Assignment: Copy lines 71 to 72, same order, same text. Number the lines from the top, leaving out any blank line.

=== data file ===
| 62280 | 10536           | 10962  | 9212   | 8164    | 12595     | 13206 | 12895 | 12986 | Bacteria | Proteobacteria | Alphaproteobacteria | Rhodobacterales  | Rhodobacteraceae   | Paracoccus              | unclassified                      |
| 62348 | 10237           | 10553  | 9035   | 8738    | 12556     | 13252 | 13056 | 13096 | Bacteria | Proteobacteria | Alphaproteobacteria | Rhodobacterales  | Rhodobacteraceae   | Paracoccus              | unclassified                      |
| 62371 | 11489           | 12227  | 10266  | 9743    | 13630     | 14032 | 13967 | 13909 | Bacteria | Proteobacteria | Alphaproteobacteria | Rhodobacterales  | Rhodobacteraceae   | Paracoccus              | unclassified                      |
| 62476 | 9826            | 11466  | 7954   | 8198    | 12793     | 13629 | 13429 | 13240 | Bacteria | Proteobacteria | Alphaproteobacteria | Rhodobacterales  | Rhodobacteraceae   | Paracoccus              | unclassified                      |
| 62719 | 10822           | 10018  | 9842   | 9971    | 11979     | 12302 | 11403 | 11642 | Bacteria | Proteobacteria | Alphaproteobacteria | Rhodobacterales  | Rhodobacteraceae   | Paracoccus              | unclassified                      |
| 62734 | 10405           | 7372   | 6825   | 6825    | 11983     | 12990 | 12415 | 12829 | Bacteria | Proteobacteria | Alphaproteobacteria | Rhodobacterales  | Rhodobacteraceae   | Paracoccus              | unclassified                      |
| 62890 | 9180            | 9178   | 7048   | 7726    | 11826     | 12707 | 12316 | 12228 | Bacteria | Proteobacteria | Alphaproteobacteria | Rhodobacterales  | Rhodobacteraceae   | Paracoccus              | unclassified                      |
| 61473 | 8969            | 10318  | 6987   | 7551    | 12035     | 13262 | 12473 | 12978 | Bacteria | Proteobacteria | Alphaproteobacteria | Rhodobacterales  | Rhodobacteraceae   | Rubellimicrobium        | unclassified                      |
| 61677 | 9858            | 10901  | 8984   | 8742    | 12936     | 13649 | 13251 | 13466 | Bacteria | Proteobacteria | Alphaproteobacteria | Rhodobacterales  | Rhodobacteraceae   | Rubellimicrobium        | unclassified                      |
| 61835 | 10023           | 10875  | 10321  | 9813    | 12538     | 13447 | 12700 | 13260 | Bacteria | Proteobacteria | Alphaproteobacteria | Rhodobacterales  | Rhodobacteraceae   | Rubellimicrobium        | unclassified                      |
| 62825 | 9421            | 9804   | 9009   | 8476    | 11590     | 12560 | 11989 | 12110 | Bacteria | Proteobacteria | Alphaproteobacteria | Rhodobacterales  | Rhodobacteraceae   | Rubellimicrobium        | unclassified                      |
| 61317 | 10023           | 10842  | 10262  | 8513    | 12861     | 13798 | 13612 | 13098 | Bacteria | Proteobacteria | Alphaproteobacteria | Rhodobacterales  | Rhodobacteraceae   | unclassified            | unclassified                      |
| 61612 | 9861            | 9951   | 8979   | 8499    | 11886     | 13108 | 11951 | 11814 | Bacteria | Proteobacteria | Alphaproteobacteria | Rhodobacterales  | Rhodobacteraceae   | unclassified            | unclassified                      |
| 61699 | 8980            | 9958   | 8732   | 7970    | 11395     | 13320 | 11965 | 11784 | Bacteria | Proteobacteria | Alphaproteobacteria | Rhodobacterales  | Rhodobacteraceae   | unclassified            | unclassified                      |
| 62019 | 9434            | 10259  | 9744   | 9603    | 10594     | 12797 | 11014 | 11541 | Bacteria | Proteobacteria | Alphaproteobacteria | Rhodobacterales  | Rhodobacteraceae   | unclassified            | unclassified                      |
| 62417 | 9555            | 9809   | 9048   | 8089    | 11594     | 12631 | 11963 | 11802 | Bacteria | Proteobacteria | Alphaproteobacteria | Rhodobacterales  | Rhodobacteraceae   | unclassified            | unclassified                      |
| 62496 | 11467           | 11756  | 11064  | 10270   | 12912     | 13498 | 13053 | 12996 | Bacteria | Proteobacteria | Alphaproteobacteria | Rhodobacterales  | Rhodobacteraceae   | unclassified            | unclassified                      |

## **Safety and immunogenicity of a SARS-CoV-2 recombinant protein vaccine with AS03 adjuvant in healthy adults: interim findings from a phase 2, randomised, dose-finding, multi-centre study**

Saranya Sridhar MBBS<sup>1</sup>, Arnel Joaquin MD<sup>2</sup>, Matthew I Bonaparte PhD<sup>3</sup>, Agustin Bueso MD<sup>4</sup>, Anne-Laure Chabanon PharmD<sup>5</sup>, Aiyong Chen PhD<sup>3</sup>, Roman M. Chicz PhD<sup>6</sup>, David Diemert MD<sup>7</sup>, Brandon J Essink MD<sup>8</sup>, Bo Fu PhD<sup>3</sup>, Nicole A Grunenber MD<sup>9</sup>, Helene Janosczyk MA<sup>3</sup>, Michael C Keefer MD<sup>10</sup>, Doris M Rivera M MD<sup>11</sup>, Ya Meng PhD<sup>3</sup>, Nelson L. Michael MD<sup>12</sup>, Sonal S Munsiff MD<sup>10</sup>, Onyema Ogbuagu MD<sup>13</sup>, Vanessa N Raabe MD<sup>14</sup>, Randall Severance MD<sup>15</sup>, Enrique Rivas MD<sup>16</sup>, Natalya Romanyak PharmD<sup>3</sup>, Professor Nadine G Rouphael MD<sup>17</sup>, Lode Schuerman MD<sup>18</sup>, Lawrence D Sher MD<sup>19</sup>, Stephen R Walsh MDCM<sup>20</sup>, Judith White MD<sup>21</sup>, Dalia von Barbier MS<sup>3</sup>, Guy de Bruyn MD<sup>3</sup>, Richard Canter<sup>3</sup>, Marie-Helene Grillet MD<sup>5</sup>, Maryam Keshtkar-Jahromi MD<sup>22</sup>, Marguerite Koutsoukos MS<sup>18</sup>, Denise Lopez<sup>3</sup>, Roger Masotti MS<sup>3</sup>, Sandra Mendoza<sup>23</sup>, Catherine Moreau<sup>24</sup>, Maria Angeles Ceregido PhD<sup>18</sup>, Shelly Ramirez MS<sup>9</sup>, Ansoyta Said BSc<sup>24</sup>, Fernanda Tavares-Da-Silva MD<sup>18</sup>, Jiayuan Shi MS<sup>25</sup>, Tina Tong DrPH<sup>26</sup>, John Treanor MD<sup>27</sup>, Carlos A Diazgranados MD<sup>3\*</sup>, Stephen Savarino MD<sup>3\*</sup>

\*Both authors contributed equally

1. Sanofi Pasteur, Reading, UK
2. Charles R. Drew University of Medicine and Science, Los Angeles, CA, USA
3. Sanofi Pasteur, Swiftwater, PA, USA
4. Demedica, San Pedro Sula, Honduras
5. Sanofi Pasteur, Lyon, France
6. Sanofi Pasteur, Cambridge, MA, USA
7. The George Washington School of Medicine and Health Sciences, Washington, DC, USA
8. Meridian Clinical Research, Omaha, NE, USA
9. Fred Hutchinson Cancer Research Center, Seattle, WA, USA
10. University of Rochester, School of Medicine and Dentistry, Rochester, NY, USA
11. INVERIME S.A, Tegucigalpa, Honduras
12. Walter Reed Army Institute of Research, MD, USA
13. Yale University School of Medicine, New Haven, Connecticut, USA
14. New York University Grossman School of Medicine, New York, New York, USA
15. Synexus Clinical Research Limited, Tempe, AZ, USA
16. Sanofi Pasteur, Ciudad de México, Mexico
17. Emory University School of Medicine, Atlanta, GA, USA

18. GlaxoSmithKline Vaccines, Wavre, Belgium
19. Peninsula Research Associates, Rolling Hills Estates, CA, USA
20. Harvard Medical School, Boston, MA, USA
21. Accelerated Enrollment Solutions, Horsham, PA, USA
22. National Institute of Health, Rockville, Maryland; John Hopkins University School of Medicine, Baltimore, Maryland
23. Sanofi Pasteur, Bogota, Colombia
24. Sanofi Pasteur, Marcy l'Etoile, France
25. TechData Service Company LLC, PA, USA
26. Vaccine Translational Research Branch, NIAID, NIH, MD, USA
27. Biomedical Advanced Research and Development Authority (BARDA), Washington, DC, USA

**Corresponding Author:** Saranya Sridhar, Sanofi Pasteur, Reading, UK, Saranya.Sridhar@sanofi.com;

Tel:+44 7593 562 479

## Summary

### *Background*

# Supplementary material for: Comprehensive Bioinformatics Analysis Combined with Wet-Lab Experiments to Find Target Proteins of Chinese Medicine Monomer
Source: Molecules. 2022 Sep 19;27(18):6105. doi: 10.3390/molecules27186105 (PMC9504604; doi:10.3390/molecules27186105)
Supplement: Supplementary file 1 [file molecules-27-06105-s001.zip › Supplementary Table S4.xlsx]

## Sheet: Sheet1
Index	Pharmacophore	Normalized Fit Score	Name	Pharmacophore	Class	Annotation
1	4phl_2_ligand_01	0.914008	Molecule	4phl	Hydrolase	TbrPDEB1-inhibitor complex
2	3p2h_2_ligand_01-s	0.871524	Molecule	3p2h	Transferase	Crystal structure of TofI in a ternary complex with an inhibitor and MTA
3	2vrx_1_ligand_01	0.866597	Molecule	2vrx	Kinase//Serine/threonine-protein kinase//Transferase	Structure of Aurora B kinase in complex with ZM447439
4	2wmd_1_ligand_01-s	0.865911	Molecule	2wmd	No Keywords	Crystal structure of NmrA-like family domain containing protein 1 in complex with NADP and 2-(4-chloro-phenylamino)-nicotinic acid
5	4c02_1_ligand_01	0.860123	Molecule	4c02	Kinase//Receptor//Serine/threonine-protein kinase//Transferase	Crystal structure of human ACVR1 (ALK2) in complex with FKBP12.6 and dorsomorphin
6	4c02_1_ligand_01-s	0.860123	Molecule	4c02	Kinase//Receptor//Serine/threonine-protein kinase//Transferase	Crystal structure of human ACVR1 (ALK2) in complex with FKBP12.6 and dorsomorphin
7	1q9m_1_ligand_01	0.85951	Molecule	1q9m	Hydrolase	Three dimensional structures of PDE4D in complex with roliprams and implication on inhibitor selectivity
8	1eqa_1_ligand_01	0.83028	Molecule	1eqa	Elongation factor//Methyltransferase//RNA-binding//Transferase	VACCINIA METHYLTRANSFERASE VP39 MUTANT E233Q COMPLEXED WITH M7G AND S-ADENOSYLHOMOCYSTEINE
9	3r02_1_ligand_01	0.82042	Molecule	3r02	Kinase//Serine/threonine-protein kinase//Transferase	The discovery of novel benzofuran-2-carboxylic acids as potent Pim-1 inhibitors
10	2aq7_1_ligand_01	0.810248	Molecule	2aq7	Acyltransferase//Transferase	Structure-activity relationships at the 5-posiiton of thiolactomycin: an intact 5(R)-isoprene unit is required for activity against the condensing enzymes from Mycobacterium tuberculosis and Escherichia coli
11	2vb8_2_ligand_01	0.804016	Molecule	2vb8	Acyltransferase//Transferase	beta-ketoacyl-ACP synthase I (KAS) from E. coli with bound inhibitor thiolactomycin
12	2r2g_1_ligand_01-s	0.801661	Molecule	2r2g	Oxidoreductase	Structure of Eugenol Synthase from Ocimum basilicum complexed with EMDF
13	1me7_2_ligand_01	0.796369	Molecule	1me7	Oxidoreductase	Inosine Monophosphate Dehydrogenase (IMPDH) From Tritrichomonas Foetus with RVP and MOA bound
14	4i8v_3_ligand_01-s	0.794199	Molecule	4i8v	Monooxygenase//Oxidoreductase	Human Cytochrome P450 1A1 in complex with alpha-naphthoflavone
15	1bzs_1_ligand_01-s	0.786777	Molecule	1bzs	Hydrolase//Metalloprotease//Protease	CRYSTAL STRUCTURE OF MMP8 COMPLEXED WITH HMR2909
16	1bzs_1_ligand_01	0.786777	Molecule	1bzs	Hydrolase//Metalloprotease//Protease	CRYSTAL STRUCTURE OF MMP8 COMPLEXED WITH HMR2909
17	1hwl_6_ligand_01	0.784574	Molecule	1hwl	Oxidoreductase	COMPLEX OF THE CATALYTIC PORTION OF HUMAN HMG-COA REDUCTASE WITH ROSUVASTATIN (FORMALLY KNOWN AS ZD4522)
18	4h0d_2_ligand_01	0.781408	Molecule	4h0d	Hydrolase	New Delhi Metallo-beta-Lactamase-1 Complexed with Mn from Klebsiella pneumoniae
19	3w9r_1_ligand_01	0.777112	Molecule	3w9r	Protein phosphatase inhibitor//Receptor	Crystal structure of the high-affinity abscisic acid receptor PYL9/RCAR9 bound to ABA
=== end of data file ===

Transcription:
15	1bzs_1_ligand_01-s	0.786777	Molecule	1bzs	Hydrolase//Metalloprotease//Protease	CRYSTAL STRUCTURE OF MMP8 COMPLEXED WITH HMR2909
16	1bzs_1_ligand_01	0.786777	Molecule	1bzs	Hydrolase//Metalloprotease//Protease	CRYSTAL STRUCTURE OF MMP8 COMPLEXED WITH HMR2909